Room A of the Town Hall Annex was again full for the Planning and Zoning Commission’s meeting on Sept. 15.
Members of the public, including residents, parents, coaches and youth athletes showed up once more to voice their opinions for or against Wilton Youth Football’s application to renovate Middlebrook Field’s natural grass to artificial turf.
This time, the public hearing was closed and deliberations were continued to the commission’s next meeting on Sept. 28.
Casey Healy, attorney with Gregory & Adams, addressed the comments and questions raised by commissioners at the last meeting, and then introduced Andrew Dyjak, a field sales representative with Musco Lighting, who presented plans for a network of eight 30-foot lighting poles with shielded LED (light-emmitting diode) bulbs that could be remotely operated by smart phone.
According to Healy in 2013, the present lighting system does not meet the current standards for playing fields.
Musco Lighting’s last application was denied because the proposed poles were too tall — at 70 feet.
Wilton Youth Football applied to change the town’s regulations in 2013 to allow 80-foot athletic lights on all town-owned fields and was denied. Wilton Youth Football had gained a variance from the Zoning Board of Appeals, but that variance was struck down by a Stamford Superior Court judge in February of this year.
“At that point in time,” said Dyjak, “we were not able to produce a lighting system that was safe and could produce enough light at a 30-foot level.”
“LED technology can be used at a lower mounting height,” he said.
Anthony LoFrisco of Cider Mill Place, a lawyer by profession, conducted an unofficial “cross-examination” of Dyjak, and pointed out that the parcel of land Dyjak used to calculate the light intensity of the system he was proposing was only a small portion of the 109-acre property at 131 School Road that considered only Middlebrook School and the immediately surrounding area.
Taking things further, Commissioner Joe Fiteni expressed concern that Dyjak only counted Musco’s lights towards the total intensity output, neglecting to factor in the others on the property, such as those in the parking lot and on the school.
Questions asked by commissioners covered sanitation, toxicity, concerns with the extreme heat of crumb-rubber infill and even the effect the proposed lighting might have on bird migration patterns.
Commissioner Franklin Wong said he would have “less of a problem” with the application if the field was to be used exclusively by athletic organizations that could potentially waive liability in case someone is burned or otherwise injured by the new material.
Of the members of the public who made comments, the majority were in favor of approval. Jeff Farrar of Scarlett Oak Drive, Chris Silva of Mcfadden Drive, Joyce Andersen of Forge Road, Ryan Masterson of Chestnut Hill Road, Matt Zeyher of Catalpa Road and president of the Wilton Lacrosse Association David Cook of Stonebridge Road spoke for the turfing, while Christina and Woodson Duncan of Middlebrook Farm Road, Frank Simone of Charter Oak Drive, LoFrisco of Cider Mill Place and Paul Sobel, the attorney representing William Patty of Ridgefield Road, stood against it.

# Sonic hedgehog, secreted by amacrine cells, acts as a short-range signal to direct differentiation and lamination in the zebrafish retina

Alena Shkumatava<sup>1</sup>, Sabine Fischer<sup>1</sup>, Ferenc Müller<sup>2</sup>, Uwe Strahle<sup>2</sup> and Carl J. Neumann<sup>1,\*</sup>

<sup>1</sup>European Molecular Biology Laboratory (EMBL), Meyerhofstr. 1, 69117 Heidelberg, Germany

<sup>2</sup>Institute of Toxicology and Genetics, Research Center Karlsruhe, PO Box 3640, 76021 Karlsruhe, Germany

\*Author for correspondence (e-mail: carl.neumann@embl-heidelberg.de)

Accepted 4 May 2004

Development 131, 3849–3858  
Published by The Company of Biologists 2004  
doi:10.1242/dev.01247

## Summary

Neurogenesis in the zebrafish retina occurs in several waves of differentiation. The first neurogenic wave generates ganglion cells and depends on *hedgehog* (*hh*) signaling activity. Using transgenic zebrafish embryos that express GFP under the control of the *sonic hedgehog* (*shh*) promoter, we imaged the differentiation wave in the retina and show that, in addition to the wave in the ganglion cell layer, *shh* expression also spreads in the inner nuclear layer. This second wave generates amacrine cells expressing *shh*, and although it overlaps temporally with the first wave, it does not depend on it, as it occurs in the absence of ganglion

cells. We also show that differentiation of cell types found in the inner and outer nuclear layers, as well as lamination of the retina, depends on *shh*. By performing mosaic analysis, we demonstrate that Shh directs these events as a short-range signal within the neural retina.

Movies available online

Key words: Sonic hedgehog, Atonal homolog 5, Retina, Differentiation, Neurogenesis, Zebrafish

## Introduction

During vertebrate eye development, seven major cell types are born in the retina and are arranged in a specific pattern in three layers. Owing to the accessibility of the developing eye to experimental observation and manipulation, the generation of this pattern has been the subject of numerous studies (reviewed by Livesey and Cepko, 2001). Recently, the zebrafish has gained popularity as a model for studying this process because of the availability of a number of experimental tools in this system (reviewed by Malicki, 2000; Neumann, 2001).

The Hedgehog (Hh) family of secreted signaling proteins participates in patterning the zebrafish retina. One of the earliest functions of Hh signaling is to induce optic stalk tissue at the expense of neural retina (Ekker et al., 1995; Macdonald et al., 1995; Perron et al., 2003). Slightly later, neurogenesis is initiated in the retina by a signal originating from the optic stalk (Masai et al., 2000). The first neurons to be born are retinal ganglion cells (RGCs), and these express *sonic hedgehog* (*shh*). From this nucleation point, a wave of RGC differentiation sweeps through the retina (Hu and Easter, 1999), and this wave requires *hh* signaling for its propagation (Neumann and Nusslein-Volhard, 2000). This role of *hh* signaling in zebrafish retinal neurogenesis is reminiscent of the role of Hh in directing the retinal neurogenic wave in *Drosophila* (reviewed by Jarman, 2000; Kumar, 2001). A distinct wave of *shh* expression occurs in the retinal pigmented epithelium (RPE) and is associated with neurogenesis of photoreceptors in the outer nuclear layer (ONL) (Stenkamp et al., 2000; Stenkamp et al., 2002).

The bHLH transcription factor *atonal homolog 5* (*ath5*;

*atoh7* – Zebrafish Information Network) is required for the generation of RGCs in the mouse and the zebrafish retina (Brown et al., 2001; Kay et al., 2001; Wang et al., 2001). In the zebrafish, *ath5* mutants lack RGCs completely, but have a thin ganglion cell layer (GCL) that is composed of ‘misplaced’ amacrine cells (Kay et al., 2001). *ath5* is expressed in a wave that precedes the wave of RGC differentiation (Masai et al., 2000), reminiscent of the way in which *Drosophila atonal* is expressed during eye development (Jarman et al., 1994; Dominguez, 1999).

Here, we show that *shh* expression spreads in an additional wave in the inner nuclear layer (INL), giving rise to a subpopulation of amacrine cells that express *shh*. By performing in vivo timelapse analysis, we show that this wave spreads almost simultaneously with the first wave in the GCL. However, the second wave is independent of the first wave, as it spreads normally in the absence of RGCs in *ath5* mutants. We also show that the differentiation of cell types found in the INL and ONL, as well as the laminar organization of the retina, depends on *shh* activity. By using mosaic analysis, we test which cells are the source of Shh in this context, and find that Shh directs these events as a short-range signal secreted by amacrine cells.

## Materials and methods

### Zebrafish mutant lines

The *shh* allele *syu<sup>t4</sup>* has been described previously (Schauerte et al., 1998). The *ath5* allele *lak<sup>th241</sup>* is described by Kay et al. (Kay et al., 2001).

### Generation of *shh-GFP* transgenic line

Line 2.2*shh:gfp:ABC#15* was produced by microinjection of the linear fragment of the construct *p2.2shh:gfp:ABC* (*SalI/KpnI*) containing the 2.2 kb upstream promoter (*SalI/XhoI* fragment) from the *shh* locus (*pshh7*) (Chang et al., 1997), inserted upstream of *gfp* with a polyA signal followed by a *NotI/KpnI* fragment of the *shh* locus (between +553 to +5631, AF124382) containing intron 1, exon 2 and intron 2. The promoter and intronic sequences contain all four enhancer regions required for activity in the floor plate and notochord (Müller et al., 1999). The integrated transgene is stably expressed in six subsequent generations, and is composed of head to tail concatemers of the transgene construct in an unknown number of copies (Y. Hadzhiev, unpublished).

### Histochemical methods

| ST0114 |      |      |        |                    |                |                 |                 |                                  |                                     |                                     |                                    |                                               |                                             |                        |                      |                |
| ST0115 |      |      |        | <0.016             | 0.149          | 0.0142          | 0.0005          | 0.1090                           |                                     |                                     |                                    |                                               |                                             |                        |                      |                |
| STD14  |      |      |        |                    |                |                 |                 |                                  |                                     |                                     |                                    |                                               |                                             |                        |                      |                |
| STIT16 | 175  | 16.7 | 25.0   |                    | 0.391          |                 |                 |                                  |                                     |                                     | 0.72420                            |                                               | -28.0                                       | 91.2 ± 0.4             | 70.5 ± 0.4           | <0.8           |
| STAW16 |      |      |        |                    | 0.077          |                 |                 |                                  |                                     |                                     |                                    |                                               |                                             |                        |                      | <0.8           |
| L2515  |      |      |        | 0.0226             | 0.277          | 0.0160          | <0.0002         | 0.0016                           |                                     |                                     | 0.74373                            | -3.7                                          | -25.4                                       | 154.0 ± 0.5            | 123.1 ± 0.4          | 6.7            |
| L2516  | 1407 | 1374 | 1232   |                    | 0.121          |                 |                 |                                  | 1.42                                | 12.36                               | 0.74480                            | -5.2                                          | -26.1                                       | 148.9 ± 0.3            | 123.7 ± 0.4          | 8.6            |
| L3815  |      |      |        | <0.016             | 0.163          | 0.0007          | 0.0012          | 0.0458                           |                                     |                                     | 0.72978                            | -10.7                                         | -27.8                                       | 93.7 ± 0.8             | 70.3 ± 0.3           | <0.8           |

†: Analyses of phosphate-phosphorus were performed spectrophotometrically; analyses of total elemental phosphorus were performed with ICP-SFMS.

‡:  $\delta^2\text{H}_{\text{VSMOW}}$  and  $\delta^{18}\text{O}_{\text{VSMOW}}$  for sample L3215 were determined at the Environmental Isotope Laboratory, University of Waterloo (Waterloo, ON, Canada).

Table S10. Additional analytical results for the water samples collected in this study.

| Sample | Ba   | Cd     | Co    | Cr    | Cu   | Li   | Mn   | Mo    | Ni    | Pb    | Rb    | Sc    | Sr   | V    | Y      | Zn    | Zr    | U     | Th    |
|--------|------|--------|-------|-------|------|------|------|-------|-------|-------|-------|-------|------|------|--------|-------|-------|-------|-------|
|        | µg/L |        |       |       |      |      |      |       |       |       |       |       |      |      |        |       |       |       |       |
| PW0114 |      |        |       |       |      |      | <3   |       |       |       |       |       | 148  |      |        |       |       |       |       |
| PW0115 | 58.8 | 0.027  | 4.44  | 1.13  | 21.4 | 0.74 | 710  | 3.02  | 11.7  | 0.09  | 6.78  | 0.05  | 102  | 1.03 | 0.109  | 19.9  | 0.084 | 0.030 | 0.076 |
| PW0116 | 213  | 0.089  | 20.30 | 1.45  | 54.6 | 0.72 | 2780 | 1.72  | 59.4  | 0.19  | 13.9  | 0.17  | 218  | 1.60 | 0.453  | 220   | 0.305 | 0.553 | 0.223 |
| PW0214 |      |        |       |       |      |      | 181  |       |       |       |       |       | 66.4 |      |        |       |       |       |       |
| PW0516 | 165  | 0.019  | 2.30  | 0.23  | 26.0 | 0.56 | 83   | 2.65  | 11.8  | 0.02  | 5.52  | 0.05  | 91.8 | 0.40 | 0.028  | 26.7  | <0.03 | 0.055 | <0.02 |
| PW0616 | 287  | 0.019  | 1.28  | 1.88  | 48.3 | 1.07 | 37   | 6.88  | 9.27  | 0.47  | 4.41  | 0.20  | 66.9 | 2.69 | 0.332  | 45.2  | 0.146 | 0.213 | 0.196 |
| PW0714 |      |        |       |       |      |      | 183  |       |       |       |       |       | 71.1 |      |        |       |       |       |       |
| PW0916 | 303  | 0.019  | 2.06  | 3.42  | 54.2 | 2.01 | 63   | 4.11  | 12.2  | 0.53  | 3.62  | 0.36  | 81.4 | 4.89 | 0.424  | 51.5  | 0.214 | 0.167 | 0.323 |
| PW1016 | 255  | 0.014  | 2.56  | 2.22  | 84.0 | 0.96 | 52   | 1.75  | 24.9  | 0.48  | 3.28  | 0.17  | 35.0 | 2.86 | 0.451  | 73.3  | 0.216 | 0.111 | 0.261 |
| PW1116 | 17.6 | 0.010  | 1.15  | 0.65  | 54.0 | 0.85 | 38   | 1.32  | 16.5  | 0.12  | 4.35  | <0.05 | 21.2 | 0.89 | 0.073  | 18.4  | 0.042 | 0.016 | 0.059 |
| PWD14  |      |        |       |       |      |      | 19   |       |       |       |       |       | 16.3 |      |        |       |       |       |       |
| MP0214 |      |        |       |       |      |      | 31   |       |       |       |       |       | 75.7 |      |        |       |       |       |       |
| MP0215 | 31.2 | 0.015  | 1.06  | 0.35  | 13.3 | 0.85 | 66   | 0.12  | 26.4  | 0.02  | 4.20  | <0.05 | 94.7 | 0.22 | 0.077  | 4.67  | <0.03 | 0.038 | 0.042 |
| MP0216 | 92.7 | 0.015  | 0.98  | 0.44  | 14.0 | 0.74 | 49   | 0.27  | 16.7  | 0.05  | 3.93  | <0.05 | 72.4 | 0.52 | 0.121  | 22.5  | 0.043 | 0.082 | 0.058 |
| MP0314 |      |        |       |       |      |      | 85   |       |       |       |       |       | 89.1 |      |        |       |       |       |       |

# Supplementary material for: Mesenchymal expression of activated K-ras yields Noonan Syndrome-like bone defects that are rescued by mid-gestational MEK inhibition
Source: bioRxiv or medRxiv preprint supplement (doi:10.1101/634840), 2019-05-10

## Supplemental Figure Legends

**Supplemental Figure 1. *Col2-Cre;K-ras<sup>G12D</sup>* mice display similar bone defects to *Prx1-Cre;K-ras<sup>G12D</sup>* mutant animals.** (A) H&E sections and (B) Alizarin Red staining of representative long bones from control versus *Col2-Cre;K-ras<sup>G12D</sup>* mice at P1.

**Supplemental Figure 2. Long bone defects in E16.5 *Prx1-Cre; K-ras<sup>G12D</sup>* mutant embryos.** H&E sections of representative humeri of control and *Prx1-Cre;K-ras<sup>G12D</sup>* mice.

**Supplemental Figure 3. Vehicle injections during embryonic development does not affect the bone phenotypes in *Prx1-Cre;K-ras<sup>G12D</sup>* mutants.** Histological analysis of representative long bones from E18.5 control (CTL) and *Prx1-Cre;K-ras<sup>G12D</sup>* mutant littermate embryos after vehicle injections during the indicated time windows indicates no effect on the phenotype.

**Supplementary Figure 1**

The last to speak was Cook, who apologized for being silent up to this point and said he thought of the addition of another turf field to the town of Wilton as a mark of forward progress.
“Once and for all,” he began, “these fields are all used in the same manner today, so any decisions you make about the viability of one field versus another — there’s three fields, not one. I think that’s a really important point, because, as far as I understand, the job of the Planning and Zoning Commission is to look at the application that’s been presented and decide whether it meets the rules and regulations of the planning and zoning books that this town abides by. And when we start getting into, ‘what about these other fields?’ — that’s a little bit of a bigger question, and I’m not sure who’s supposed to address that. But that’s why I’m here tonight, to ask for your approval. I represent 850 kids-plus who play lacrosse. That’s over 500 families. The addition of another turf field is progress for the town. And when I look at what’s going on — it’s really important that we always move forward, and that is actually what this field will allow us to do. We’ve already had some issues with some fields in the spring, and (this) field is going to allow us to potentially not have those issues. At the end of the day, it’s actually been quite enjoyable to see the democratic process in place, but I do ask for your approval so we can get on to the next step, because it has been a long process.”
Before the hearing was closed, Comiskey made a sobering comment.
“This is my eighth year, either on Planning and Zoning or ZBA, and I’ve never had an application put before either board that gives me so much doubt.”
With that, Commission Chair Chris Hulse motioned to close the public hearing, and was seconded by Vice Chair Sally Poundstone. All voted in favor but Wong. Commissioner Bas Nabulsi was absent from the meeting.
According to Town Planner Bob Nerney, the Planning and Zoning Commission has a maximum of 65 days to pass a resolution.